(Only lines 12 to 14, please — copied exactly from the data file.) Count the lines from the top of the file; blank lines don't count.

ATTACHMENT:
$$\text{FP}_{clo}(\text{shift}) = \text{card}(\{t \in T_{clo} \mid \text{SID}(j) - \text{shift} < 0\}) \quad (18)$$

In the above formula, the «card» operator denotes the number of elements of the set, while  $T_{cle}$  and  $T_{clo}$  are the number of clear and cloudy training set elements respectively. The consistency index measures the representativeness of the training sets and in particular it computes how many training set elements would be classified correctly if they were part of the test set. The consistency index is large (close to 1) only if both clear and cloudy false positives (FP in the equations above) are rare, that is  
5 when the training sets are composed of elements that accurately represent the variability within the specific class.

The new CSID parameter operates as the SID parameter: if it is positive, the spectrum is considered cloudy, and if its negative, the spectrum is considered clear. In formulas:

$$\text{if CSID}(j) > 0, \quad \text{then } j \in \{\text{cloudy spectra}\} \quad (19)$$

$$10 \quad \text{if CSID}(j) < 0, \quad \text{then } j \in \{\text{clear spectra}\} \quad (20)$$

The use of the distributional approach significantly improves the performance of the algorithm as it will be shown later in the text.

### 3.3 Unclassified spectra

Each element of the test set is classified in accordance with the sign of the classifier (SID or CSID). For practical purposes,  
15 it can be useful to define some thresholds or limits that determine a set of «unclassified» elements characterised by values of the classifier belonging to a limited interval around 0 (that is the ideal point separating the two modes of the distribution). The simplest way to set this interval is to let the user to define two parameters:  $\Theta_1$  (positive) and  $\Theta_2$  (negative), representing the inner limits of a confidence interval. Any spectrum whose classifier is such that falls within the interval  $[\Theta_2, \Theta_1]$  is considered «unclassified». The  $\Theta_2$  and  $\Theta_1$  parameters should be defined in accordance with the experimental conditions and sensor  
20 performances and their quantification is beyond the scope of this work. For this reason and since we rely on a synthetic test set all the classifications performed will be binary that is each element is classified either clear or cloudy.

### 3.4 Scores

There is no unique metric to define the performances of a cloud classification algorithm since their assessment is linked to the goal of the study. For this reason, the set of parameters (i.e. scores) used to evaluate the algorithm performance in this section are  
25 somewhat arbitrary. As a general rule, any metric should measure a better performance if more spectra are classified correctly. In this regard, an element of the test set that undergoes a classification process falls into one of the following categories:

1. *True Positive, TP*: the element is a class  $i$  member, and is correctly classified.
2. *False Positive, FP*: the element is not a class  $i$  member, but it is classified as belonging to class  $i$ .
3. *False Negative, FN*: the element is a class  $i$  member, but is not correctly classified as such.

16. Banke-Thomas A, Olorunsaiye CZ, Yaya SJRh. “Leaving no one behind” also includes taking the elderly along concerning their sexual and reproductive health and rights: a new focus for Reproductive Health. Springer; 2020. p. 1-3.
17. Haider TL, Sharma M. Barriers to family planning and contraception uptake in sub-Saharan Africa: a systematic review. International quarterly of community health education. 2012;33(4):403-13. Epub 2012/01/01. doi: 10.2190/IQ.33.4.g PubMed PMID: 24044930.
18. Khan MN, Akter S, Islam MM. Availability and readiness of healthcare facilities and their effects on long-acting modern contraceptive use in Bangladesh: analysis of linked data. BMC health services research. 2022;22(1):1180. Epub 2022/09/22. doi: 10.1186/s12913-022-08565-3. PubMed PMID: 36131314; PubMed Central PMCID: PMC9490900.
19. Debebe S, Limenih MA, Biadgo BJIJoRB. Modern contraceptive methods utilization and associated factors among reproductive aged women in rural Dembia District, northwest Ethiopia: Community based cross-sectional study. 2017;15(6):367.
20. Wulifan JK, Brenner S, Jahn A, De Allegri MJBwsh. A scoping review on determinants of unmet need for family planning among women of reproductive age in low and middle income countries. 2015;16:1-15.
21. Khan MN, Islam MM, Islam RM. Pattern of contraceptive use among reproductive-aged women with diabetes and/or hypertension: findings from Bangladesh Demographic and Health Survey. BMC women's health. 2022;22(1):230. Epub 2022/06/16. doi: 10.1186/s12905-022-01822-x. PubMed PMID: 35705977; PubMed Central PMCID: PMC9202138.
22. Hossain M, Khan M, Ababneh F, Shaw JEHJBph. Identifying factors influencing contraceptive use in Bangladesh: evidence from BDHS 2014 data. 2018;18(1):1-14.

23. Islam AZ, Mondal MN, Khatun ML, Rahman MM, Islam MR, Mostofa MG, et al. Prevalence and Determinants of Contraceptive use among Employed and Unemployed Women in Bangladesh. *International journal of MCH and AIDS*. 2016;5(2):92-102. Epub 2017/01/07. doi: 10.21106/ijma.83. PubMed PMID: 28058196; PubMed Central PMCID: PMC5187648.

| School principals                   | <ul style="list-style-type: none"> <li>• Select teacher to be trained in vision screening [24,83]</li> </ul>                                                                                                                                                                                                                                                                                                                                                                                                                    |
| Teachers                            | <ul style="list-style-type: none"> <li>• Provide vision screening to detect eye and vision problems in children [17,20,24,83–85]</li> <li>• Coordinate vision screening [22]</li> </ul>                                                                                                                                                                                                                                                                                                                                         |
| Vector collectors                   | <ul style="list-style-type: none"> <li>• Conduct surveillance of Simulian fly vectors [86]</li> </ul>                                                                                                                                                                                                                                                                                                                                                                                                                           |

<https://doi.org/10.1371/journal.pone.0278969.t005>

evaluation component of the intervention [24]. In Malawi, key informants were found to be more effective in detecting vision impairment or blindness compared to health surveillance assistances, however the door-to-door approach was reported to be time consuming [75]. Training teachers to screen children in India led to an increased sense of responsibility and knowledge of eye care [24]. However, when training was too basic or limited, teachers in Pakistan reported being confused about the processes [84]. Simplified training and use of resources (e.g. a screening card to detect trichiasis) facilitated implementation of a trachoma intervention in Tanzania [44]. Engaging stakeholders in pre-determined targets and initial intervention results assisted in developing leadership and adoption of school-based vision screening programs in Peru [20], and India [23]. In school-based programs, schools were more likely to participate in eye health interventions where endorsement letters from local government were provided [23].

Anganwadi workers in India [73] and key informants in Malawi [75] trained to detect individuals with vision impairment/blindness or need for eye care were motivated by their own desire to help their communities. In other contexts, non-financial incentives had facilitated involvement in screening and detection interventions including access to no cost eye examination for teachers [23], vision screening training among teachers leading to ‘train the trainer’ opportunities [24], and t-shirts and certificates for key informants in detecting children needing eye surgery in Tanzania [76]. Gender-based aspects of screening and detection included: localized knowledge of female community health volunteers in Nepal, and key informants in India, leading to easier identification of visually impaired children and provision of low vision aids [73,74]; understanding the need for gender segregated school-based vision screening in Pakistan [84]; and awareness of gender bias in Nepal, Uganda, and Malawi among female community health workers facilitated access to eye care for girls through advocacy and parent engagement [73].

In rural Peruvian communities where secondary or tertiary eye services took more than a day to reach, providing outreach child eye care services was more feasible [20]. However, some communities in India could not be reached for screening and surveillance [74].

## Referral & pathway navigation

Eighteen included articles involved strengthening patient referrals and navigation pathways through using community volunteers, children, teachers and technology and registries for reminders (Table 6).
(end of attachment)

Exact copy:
### 3.4 Scores

There is no unique metric to define the performances of a cloud classification algorithm since their assessment is linked to the goal of the study. For this reason, the set of parameters (i.e. scores) used to evaluate the algorithm performance in this section are  
25 somewhat arbitrary. As a general rule, any metric should measure a better performance if more spectra are classified correctly. In this regard, an element of the test set that undergoes a classification process falls into one of the following categories: